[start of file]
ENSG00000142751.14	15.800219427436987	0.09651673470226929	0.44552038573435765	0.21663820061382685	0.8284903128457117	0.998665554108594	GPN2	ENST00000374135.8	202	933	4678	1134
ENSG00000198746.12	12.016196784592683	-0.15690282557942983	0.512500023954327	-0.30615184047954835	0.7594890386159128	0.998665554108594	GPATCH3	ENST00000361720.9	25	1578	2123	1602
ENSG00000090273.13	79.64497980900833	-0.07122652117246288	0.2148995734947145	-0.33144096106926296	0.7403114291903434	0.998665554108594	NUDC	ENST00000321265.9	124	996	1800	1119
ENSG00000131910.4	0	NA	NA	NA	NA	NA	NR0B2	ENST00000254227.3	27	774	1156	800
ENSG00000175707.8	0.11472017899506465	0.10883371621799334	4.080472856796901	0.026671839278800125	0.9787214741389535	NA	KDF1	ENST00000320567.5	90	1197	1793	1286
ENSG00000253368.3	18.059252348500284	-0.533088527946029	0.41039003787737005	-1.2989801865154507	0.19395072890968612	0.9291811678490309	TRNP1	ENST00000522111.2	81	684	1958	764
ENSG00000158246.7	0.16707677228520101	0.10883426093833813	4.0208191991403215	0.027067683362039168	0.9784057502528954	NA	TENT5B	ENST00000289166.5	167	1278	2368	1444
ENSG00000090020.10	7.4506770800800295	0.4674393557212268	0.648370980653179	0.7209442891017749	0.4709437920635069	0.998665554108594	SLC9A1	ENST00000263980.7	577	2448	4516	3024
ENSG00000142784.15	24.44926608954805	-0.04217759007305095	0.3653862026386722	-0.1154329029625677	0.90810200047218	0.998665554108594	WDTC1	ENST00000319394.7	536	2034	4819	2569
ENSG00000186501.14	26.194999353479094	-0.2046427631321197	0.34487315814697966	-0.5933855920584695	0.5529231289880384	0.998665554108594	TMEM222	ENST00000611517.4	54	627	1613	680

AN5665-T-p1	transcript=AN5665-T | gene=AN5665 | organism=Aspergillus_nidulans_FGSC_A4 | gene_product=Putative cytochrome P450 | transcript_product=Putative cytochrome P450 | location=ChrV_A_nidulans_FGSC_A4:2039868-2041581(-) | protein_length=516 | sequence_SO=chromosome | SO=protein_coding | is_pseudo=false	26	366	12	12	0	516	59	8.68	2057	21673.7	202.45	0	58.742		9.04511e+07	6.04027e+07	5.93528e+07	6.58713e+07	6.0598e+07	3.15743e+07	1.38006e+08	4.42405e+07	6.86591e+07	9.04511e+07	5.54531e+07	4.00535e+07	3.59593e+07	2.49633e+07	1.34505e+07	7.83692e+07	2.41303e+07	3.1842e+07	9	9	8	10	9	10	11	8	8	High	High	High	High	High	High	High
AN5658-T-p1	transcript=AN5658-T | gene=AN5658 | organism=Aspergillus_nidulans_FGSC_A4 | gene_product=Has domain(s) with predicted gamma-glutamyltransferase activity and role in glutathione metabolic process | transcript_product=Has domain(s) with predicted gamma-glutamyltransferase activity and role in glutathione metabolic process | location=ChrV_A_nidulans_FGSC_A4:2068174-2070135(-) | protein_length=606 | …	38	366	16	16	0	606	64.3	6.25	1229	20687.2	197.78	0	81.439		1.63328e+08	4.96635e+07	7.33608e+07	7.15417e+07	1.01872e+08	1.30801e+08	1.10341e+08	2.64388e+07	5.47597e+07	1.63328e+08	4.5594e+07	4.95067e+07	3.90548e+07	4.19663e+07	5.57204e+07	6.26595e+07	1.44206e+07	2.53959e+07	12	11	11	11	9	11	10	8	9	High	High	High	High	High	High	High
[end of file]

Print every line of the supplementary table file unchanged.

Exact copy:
ENSG00000142751.14	15.800219427436987	0.09651673470226929	0.44552038573435765	0.21663820061382685	0.8284903128457117	0.998665554108594	GPN2	ENST00000374135.8	202	933	4678	1134
ENSG00000198746.12	12.016196784592683	-0.15690282557942983	0.512500023954327	-0.30615184047954835	0.7594890386159128	0.998665554108594	GPATCH3	ENST00000361720.9	25	1578	2123	1602
ENSG00000090273.13	79.64497980900833	-0.07122652117246288	0.2148995734947145	-0.33144096106926296	0.7403114291903434	0.998665554108594	NUDC	ENST00000321265.9	124	996	1800	1119
ENSG00000131910.4	0	NA	NA	NA	NA	NA	NR0B2	ENST00000254227.3	27	774	1156	800
ENSG00000175707.8	0.11472017899506465	0.10883371621799334	4.080472856796901	0.026671839278800125	0.9787214741389535	NA	KDF1	ENST00000320567.5	90	1197	1793	1286
ENSG00000253368.3	18.059252348500284	-0.533088527946029	0.41039003787737005	-1.2989801865154507	0.19395072890968612	0.9291811678490309	TRNP1	ENST00000522111.2	81	684	1958	764
ENSG00000158246.7	0.16707677228520101	0.10883426093833813	4.0208191991403215	0.027067683362039168	0.9784057502528954	NA	TENT5B	ENST00000289166.5	167	1278	2368	1444
ENSG00000090020.10	7.4506770800800295	0.4674393557212268	0.648370980653179	0.7209442891017749	0.4709437920635069	0.998665554108594	SLC9A1	ENST00000263980.7	577	2448	4516	3024
ENSG00000142784.15	24.44926608954805	-0.04217759007305095	0.3653862026386722	-0.1154329029625677	0.90810200047218	0.998665554108594	WDTC1	ENST00000319394.7	536	2034	4819	2569
ENSG00000186501.14	26.194999353479094	-0.2046427631321197	0.34487315814697966	-0.5933855920584695	0.5529231289880384	0.998665554108594	TMEM222	ENST00000611517.4	54	627	1613	680

AN5665-T-p1	transcript=AN5665-T | gene=AN5665 | organism=Aspergillus_nidulans_FGSC_A4 | gene_product=Putative cytochrome P450 | transcript_product=Putative cytochrome P450 | location=ChrV_A_nidulans_FGSC_A4:2039868-2041581(-) | protein_length=516 | sequence_SO=chromosome | SO=protein_coding | is_pseudo=false	26	366	12	12	0	516	59	8.68	2057	21673.7	202.45	0	58.742		9.04511e+07	6.04027e+07	5.93528e+07	6.58713e+07	6.0598e+07	3.15743e+07	1.38006e+08	4.42405e+07	6.86591e+07	9.04511e+07	5.54531e+07	4.00535e+07	3.59593e+07	2.49633e+07	1.34505e+07	7.83692e+07	2.41303e+07	3.1842e+07	9	9	8	10	9	10	11	8	8	High	High	High	High	High	High	High
AN5658-T-p1	transcript=AN5658-T | gene=AN5658 | organism=Aspergillus_nidulans_FGSC_A4 | gene_product=Has domain(s) with predicted gamma-glutamyltransferase activity and role in glutathione metabolic process | transcript_product=Has domain(s) with predicted gamma-glutamyltransferase activity and role in glutathione metabolic process | location=ChrV_A_nidulans_FGSC_A4:2068174-2070135(-) | protein_length=606 | …	38	366	16	16	0	606	64.3	6.25	1229	20687.2	197.78	0	81.439		1.63328e+08	4.96635e+07	7.33608e+07	7.15417e+07	1.01872e+08	1.30801e+08	1.10341e+08	2.64388e+07	5.47597e+07	1.63328e+08	4.5594e+07	4.95067e+07	3.90548e+07	4.19663e+07	5.57204e+07	6.26595e+07	1.44206e+07	2.53959e+07	12	11	11	11	9	11	10	8	9	High	High	High	High	High	High	High